Inserting Rows

Now that we have a database set up to receive some entries, we can set about building the createEntry() function. First, you have to override the submit event of the #createEntry form. You can do so by binding the createEntry() function to the submit event in the document ready function in kilo.js (here I just show the first few lines with the added line of code in bold):


$('#createEntry form').submit(createEntry);

$('#settings form').submit(saveSettings); $('#settings').bind('pageAnimationStart', loadSettings);

Figure 5-4. The Storage tab in Chrome's Developer Tools allows you to execute arbitrary SQL statements against your database

Now when a user submits the #createEntry form, the createEntry() function is called. Next, add the following to kilo.js to create the record in the database:

function createEntry() {

var date = sessionStorage.currentDate; var calories = $('#calories').val(); var food = $('#food').val(); db.transaction(Q

function(transaction) { transaction.executeSql(

'INSERT INTO entries (date, calories, food) VALUES (?, ?, ?);',

refreshEntries(); jQT.goBack();

}, errorHandler

return false;

O This section contains some variables that we're going to use in the SQL query. As you may recall (from "Saving the Selected Date to Session Storage" on page 75), the date the user taps on the Dates panel is stored in sessionStorage.currentDate. The other two values (calories and food) are pulled out of the data entry form using the same approach that we used earlier with the Settings form.

© This code opens a database transaction and runs an executeSql() call. Here we are passing four parameters to the executeSql() method:

'INSERT INTO entries (date, calories, food) VALUES (?, ?, ?);'

This is the statement that will be executed. The question marks are data placeholders. [date, calories, food]

This is an array of the values being sent to the database. They correspond by position with the data placeholder question marks in the SQL statement.


This anonymous function will execute if the SQL query is successful. errorHandler

This is the name of the function that will execute if the SQL query fails.

Quotes (' or ") around the ? placeholders are not necessary—escaping and quoting of data is handled automatically.

Error handling

Assuming the insert is successful, the anonymous function passed as the third parameter will be executed. It calls the refreshEntries() function (at the moment, this function only updates the title of the Date panel, but soon it will make entries you create appear in the list there) and it simulates a tap on the Cancel button to dismiss the New Entry panel and return to the Date panel. As we saw earlier with the Settings panel, the Cancel button does not cancel the submit action—it's really just a Back button labeled "Cancel" that isn't shaped like a left arrow.

If the insert is not successful, the errorHandler() function will run. Add the following to the kilo.js file:

function errorHandler(transaction, error) {

alert('Oops. Error was '+error.message+' (Code '+error.code+')'); return true;

The error handler is passed two parameters: the transaction object and the error object. Here, we're using the error object to alert the user to the message and error code that were thrown.

Error handlers must return true or false. When an error handler returns true (i.e., "Yes, this is a fatal error"), execution is halted and the entire transaction is rolled back. When an error handler returns false (i.e., "No, this is not a fatal error"), execution will continue.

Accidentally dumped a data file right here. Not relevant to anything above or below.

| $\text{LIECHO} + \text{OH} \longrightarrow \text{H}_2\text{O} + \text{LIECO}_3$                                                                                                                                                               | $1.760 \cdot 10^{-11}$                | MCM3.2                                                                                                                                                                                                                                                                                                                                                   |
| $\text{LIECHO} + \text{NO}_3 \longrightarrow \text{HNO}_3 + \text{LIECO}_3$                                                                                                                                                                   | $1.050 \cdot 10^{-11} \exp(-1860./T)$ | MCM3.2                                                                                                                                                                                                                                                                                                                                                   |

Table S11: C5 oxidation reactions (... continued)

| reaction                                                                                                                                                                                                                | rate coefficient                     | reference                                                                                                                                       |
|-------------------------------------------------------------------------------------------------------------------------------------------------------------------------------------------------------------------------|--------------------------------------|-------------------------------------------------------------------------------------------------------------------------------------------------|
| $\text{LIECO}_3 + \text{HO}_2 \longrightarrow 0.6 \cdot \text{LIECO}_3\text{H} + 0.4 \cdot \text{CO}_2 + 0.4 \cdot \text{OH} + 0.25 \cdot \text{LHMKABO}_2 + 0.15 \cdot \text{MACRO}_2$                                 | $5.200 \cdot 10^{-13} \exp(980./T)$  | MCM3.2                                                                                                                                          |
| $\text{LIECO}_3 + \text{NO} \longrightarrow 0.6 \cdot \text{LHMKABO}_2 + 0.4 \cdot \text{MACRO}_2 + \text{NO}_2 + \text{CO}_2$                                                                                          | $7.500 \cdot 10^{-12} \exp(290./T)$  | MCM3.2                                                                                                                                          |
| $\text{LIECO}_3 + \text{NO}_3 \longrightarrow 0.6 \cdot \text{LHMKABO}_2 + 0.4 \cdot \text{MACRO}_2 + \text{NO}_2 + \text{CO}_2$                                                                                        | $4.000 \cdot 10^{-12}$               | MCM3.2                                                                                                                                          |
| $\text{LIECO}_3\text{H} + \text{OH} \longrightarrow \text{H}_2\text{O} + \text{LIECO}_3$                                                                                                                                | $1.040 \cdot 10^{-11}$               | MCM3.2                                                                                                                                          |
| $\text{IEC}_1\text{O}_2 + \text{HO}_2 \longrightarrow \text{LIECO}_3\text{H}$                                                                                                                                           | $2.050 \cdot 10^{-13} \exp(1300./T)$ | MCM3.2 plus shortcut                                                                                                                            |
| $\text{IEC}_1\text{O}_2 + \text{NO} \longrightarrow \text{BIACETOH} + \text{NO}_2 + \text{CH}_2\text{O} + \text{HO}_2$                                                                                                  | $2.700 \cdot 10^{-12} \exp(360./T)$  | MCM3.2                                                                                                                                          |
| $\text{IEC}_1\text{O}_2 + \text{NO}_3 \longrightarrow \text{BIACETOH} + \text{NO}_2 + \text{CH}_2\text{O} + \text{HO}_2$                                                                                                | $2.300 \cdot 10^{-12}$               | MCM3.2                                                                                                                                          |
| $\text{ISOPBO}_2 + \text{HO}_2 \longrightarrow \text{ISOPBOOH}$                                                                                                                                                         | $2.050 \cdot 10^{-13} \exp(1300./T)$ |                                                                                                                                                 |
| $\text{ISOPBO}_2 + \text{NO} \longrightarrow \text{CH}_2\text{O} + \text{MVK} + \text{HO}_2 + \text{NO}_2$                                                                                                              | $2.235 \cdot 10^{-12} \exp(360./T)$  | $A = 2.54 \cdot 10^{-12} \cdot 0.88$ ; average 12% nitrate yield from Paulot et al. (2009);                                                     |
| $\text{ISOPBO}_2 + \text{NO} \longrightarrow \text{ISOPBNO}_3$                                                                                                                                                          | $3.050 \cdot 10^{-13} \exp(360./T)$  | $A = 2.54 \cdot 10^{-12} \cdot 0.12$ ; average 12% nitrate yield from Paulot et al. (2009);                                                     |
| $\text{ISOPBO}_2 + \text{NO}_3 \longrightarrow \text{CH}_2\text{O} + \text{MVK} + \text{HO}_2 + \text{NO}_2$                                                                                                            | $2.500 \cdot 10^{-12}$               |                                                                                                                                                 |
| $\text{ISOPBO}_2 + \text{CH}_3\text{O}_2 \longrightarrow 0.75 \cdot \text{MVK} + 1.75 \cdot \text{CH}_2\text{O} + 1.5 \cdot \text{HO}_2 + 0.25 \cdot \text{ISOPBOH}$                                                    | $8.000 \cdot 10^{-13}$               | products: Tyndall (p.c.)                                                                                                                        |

In some cases, you might want to branch based on the type of error to decide whether you should return true or false. Table 5-1, at the end of this chapter, shows the (current) possible error codes according to the W3C Web SQL Database working draft specification.

You may have noticed that the error handler function accepts a transaction object in addition to the error object. It's conceivable that in some cases you might want to execute a SQL statement inside the error handler, perhaps to log the error or record some metadata for debugging or crash-reporting purposes. The transaction object parameter allows you to make more executeSql() calls from inside the error handler, like so (this is just an example; it will not run unless you've created the errors table that it refers to):

function errorHandler(transaction, error) { alert('Oops. Error was '+error.message+' (Code '+error.code+')'); transaction.executeSql('INSERT INTO errors (code, message) VALUES (?, ?);', [error.code, error.message]);

return false;

Please take special note of the fact that we have to return false from the error handler if we want the executeSql() statement to run. If we return true (or nothing at all), the entire transaction—including this SQL statement—will be rolled back, thereby preventing the desired result.

® - Although I won't be doing so in my examples, you should know that you can also specify success and error handlers on the transaction " v i method itself. This gives you a convenient location to execute code after a long series of executeSql() statements have completed.

Oddly, the parameter order for the transaction method's callbacks is defined to be error, then success (the reverse of the order for executeSql()). Here's a version of the createEntry() function with transaction callbacks added toward the end (don't add these to kilo.js, because we haven't defined either of these methods):

function createEntry() {

var date = sessionStorage.currentDate; var calories = $('#calories').val(); var food = $('#food').val(); db.transaction(

function(transaction) { transaction.executeSql(

'INSERT INTO entries (date, calories, food) VALUES (?, ?, ?);',

refreshEntries(); jQT.goBack();

}, errorHandler

}, transactionErrorHandler, transactionSuccessHandler

return false;

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